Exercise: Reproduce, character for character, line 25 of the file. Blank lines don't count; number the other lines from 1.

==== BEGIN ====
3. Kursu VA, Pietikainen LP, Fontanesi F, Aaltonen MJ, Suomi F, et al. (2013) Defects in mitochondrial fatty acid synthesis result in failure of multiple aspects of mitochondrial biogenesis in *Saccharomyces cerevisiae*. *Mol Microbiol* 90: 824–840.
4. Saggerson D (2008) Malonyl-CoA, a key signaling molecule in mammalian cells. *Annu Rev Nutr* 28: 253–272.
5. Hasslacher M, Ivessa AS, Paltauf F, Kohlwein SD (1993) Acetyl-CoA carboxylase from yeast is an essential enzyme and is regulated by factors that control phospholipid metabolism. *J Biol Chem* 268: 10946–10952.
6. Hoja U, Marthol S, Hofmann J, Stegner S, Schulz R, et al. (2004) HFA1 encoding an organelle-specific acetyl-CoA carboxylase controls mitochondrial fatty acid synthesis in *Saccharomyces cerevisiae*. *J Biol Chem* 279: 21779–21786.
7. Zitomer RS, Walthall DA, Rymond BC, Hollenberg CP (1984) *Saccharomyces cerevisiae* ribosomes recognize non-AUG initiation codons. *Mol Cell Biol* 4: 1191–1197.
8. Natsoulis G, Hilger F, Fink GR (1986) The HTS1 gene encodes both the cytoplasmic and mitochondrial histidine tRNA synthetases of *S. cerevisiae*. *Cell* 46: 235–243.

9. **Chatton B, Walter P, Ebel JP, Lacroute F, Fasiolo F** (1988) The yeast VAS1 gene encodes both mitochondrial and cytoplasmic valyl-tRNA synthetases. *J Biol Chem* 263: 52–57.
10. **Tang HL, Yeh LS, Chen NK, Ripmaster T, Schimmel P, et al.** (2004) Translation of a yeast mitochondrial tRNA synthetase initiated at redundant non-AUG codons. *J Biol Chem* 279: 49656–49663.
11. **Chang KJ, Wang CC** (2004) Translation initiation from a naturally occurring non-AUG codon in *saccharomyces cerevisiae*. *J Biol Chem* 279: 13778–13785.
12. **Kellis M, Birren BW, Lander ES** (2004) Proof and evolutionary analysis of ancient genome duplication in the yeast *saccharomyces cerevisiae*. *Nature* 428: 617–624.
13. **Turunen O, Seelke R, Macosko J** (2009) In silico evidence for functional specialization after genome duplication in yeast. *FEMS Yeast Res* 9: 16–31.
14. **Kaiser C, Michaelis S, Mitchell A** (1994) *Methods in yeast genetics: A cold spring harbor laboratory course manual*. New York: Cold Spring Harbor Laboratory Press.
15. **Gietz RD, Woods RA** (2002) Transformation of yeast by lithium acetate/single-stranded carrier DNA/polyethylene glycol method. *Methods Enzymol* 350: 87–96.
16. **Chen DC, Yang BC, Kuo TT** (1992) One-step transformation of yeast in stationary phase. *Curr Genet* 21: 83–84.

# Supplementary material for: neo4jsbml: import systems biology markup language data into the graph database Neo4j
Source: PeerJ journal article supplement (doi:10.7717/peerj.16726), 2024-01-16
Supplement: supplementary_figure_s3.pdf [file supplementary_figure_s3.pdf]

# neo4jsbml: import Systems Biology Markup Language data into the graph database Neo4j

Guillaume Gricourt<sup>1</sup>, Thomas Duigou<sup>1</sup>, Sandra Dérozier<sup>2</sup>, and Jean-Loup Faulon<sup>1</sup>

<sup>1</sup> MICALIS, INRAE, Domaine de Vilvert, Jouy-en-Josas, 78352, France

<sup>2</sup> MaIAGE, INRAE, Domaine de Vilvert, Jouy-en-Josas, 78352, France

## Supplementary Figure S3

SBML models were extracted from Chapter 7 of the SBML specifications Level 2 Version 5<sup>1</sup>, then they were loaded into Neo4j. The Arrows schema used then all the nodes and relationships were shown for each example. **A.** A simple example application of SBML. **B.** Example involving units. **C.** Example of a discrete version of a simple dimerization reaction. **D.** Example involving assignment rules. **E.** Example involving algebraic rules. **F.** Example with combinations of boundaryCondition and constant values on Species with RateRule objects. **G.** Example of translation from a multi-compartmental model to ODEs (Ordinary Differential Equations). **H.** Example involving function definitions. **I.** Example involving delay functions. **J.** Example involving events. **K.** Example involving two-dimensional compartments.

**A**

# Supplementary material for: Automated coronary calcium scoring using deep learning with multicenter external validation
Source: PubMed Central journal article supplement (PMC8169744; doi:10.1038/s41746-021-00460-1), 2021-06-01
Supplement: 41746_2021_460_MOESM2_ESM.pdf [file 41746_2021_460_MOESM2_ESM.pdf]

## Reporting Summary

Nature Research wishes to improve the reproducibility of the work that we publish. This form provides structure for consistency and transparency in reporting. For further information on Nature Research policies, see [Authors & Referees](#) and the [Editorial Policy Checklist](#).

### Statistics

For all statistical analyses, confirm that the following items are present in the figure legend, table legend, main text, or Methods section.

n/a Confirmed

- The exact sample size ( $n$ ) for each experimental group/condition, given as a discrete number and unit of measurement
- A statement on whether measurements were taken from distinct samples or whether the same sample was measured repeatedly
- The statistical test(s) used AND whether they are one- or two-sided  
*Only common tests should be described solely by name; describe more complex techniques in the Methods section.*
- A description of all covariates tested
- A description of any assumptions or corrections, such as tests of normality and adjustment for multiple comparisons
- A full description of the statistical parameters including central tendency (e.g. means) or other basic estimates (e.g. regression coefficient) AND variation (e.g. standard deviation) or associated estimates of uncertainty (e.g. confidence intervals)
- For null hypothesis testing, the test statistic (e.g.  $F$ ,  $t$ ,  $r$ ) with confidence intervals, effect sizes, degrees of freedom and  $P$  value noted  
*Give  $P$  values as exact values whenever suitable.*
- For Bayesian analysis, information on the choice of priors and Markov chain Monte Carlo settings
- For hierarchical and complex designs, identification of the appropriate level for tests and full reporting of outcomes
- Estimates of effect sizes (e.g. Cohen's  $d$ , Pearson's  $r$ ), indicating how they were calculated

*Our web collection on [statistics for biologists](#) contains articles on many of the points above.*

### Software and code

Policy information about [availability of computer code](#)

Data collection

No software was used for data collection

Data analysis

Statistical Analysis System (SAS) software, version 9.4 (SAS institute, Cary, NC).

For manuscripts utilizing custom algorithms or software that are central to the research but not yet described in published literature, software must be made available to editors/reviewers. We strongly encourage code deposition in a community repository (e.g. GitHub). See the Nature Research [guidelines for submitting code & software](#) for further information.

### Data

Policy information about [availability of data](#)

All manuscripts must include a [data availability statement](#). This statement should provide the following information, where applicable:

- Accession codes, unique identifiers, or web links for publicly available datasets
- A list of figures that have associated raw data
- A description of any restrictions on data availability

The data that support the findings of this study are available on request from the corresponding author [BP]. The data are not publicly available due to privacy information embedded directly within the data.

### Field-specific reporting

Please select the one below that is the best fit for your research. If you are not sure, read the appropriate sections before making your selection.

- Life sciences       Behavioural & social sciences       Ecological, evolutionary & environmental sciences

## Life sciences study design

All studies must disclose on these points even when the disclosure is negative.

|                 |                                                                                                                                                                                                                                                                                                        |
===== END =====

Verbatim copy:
# Supplementary material for: Automated coronary calcium scoring using deep learning with multicenter external validation